Spotlight: The Neuro-D lab Leiden

Principal Investigator: Dr. Willeke van Roon-Mom

Location: Leiden University Medical Centre, Leiden, The Netherlands

Year Founded: 1995

What disease areas do you research?

What models and techniques do you use?

A group photo of members of the Neuro-D lab Leiden standing outside on a patio.
This is a group picture taken during our brainstorm day last June. From left to right: Boyd Kenkhuis, Elena Daoutsali, Tom Metz, Ronald Buijsen, Willeke van Roon-Mom (PI), David Parfitt, Hannah Bakels, Barry Pepers, Linda van der Graaf and Elsa Kuijper. Image courtesy of Ronald Buijsen.

Research Focus

What is your research about?

The Neuro-D research group studies how diseases develop and progress at the molecular level in several neurodegenerative diseases. They focus on diseases that have protein aggregation, where the disease proteins clump up into bundles in the brain and don’t work correctly.

We focus strongly on translational research, meaning we try to bridge the gap between research happening in the laboratory to what is happening in medical clinics. To do this we use more “traditional” research models like animal and cell models. But we also use donated patient tissues and induced pluripotent stem cell (iPSC) models, which is closer to what is seen in medical clinics.

Our aim is to unravel what is going wrong in these diseases, then discover and test potential novel drug targets and therapies.

One thing we are doing to work towards this goal is identifying biomarkers to measure how diseases progress over time. To do this, we use sequencing technology and other techniques to look at new and past data from patients.

Why do you do this research?

So far there are no therapies to stop the progression of ataxia. If we can understand what is happening in diseases in individual cells, we can develop therapies that can halt or maybe even reverse disease progression.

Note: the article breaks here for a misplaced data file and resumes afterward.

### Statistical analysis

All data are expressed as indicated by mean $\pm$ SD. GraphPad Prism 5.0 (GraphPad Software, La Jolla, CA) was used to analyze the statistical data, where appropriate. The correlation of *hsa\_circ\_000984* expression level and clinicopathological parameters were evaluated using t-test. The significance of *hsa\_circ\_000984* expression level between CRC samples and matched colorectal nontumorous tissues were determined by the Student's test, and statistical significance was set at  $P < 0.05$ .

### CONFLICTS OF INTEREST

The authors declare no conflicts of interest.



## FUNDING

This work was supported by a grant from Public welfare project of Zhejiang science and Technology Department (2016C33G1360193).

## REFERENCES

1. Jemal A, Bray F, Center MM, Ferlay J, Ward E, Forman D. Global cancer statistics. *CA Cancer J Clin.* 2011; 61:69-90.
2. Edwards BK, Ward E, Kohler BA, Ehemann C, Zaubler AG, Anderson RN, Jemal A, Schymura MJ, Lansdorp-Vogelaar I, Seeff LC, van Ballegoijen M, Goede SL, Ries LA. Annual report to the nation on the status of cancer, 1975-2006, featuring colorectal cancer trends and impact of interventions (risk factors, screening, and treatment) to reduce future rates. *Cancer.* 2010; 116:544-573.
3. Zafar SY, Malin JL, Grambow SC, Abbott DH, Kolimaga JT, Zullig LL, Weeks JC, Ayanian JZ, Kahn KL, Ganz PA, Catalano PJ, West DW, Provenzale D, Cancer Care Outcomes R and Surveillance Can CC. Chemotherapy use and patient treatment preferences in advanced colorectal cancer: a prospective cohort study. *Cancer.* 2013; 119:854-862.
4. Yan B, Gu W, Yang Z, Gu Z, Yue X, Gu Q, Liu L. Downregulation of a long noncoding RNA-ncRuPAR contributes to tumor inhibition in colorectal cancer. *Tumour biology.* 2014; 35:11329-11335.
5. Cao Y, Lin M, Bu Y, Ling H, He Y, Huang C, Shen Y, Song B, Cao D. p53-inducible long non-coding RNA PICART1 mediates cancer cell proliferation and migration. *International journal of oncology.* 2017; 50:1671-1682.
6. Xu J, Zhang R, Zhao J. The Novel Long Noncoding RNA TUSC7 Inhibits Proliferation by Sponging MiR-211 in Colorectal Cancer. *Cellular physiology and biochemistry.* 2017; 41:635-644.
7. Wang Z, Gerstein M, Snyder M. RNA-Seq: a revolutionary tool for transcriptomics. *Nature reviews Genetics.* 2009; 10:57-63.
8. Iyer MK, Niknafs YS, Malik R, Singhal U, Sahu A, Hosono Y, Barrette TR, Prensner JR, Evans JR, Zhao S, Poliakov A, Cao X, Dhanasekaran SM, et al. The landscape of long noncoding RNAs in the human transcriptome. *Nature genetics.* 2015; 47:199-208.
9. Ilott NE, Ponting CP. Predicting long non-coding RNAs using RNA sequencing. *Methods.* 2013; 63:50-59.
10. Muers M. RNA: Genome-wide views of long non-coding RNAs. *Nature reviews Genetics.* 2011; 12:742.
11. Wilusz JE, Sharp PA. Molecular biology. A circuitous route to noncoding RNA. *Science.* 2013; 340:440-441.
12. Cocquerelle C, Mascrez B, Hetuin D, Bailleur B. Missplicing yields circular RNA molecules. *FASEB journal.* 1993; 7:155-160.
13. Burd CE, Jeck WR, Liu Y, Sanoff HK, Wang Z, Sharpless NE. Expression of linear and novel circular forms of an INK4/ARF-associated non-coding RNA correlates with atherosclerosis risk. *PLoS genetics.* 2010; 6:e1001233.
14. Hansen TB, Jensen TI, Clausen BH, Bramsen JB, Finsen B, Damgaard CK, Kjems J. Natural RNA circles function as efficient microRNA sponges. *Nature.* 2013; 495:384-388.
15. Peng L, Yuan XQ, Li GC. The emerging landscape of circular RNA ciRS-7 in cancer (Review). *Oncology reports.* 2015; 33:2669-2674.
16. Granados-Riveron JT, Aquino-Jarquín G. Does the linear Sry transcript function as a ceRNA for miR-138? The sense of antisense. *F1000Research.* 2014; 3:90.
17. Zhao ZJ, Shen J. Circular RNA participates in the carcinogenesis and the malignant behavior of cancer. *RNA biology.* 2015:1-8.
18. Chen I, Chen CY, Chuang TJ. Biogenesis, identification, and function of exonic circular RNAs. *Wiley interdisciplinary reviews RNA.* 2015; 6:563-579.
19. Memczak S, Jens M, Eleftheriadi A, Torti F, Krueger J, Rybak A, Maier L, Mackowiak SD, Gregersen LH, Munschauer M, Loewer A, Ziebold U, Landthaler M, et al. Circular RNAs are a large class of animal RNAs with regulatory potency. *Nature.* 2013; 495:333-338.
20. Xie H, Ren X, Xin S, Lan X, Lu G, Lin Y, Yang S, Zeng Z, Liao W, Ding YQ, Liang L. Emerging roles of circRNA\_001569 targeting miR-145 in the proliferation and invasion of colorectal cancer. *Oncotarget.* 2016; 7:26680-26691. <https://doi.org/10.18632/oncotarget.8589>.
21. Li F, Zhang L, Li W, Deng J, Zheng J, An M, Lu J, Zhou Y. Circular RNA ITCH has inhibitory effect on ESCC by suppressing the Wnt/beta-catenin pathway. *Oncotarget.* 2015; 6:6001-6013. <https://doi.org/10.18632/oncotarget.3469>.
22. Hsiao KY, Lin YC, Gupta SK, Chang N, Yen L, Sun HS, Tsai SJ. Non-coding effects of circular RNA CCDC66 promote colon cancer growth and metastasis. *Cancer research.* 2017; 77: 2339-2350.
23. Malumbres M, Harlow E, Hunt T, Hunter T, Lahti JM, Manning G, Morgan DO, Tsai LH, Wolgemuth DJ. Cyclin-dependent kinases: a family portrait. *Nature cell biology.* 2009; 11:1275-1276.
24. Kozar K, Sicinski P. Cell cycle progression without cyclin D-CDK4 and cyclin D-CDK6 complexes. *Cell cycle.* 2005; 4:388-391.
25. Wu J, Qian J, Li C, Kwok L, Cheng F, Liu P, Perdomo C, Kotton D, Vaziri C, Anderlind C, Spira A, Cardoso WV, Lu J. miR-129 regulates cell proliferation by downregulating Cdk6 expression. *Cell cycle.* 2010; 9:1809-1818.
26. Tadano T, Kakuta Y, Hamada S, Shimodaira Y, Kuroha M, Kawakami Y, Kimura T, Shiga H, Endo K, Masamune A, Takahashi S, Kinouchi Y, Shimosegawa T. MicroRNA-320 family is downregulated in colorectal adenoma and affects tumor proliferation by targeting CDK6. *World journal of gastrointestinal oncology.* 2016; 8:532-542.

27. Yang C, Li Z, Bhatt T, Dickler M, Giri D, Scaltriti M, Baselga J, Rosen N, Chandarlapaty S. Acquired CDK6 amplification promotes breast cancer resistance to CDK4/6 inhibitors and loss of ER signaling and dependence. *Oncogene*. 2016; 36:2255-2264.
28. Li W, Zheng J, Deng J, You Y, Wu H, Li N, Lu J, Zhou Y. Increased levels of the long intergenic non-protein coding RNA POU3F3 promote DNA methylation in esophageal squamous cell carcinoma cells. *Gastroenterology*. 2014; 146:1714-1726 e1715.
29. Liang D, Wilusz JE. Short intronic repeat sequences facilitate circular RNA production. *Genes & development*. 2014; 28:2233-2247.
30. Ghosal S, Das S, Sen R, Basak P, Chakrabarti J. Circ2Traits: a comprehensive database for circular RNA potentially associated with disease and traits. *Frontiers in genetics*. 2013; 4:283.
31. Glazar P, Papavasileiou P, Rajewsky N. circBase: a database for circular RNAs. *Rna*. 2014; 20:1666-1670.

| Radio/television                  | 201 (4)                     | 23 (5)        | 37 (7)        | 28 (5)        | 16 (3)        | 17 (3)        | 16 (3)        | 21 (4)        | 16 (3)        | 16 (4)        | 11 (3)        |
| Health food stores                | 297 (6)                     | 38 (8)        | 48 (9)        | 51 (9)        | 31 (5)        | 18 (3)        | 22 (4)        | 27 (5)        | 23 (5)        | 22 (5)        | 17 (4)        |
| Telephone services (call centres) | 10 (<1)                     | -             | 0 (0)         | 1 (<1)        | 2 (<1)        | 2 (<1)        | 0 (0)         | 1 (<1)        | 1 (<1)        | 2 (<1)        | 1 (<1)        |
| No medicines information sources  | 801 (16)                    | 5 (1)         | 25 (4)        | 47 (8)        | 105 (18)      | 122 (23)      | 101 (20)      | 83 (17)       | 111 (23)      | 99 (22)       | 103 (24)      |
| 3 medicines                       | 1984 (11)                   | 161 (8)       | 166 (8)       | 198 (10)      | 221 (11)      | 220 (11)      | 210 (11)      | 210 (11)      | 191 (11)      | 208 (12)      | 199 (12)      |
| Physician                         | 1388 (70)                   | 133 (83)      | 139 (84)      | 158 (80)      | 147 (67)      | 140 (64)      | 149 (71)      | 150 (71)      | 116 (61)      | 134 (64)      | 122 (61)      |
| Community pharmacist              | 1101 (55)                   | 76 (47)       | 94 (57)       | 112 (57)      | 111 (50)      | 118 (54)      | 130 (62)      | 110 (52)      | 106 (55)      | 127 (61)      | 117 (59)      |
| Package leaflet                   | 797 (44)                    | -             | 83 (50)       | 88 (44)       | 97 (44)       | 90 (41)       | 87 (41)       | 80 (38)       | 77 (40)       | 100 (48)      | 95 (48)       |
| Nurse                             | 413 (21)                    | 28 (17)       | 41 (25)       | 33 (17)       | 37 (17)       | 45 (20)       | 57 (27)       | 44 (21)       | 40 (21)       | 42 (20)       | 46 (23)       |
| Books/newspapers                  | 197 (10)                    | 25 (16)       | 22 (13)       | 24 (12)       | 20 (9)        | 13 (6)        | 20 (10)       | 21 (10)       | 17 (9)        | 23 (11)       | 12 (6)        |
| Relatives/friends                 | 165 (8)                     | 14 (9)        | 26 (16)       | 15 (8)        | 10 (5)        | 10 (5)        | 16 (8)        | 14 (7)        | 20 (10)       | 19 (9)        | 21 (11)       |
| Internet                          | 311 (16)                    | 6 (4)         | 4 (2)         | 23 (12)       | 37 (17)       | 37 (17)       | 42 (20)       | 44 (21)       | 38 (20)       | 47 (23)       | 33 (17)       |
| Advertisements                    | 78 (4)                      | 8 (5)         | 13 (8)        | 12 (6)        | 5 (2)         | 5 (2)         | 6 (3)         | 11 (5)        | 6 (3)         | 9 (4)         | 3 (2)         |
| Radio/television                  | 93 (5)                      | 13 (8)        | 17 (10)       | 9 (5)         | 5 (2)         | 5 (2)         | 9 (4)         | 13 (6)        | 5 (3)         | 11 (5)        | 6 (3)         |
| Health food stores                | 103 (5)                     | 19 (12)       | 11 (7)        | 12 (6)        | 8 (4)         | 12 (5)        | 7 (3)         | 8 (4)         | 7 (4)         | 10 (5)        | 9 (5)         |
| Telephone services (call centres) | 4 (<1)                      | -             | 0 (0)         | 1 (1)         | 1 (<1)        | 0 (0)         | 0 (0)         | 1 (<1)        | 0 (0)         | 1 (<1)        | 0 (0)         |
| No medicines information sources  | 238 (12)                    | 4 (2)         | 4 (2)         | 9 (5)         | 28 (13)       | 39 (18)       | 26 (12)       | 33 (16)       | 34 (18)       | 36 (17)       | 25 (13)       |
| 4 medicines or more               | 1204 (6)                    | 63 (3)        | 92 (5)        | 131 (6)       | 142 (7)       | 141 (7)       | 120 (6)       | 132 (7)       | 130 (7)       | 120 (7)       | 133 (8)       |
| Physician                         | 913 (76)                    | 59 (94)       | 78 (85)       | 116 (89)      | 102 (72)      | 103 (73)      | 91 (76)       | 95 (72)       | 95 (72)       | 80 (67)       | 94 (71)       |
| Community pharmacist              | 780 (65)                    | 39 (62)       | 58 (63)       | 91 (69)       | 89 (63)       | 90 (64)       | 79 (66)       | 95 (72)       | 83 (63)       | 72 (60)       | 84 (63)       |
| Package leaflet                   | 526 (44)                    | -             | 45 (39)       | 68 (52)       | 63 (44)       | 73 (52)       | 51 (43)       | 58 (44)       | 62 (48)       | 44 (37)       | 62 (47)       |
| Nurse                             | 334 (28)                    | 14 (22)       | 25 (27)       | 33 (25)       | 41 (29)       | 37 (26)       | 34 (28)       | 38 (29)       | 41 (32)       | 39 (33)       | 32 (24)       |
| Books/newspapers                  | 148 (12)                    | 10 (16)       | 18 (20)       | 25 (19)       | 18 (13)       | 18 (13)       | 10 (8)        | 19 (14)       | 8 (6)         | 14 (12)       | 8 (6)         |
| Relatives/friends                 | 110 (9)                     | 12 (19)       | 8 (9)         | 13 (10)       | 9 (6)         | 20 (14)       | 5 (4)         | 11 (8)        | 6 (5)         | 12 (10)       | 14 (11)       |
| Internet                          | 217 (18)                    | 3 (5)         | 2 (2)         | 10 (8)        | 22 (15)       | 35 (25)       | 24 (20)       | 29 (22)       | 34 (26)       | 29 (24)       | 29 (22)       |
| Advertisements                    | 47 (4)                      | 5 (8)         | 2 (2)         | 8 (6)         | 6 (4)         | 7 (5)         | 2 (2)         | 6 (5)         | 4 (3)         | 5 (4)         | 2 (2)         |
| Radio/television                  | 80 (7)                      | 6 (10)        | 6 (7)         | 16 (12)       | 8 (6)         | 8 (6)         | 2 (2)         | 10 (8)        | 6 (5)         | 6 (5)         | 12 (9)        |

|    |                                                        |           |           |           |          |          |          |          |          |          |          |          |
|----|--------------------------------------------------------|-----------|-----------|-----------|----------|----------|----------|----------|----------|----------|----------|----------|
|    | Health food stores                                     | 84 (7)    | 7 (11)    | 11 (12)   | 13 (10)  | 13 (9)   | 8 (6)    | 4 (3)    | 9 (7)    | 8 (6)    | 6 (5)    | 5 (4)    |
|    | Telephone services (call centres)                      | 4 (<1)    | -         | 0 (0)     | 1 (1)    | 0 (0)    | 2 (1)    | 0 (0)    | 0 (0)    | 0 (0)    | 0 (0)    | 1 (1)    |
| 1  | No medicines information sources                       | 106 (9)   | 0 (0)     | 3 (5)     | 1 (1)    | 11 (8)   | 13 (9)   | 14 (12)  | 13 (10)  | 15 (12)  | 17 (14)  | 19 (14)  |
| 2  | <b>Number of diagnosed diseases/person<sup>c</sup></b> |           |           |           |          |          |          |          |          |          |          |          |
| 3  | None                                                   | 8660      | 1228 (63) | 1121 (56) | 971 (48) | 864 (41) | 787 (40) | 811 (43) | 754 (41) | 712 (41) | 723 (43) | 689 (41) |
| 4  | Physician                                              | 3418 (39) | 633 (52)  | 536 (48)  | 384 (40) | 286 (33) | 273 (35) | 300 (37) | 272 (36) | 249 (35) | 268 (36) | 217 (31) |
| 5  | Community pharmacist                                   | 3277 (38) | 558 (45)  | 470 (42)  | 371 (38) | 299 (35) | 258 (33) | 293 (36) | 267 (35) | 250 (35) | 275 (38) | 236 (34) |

Identifying biomarkers is also important, because it will help us figure out the best time to treat patients when we eventually have a therapy to test.

Stylized logo for the Dutch Center for RNA Therapeutics
The Neuro-D lab Leiden is part of the Dutch Center for RNA Therapeutics, which focuses on RNA therapies like antisense oligonucleotides. Logo designed by Justus Kuijer (VormMorgen), as 29 year old patient with Duchenne muscular dystrophy.

Are you recruiting human participants for research?

Yes, we are! We are looking for participants for a SCA1 natural history study and biomarker study. More information can be found here. Please note that information about this study is only available in Dutch.

Fun Fact

All our fridges and freezers have funny names like walrus, seal, snow grouse and snowflake.

For More Information, check out the Neuro-D lab Leiden website!


Written by Dr. Ronald Buijsen, Edited by Celeste Suart

Spotlight: The Watt Lab

Watt lab logo of a neuron

Principal Investigator: Dr. Alanna Watt

Location: McGill University, Montreal, Canada

Year Founded: 2011

What disease areas do you research?

What models and techniques do you use?

Research Focus

What is your research about?

We are interested in how the cerebellum influences motor coordination in both the healthy brain and in models of disease and aging. By identifying changes in the cerebellum underlying ataxias and aging, we hope to discover new treatments for patients.

Why do you do this research?

We want to understand how the cerebellum works and use this knowledge to understand the changes in the cerebellum that lead to ataxia. As a lab, we are particularly interested in studying rare disorders like SCA6 and ARSACS.

These disorders have limited treatment options. We hope that by understanding how the cerebellum works differently in these disorders, we will be able to identify new treatments to help ataxia patients.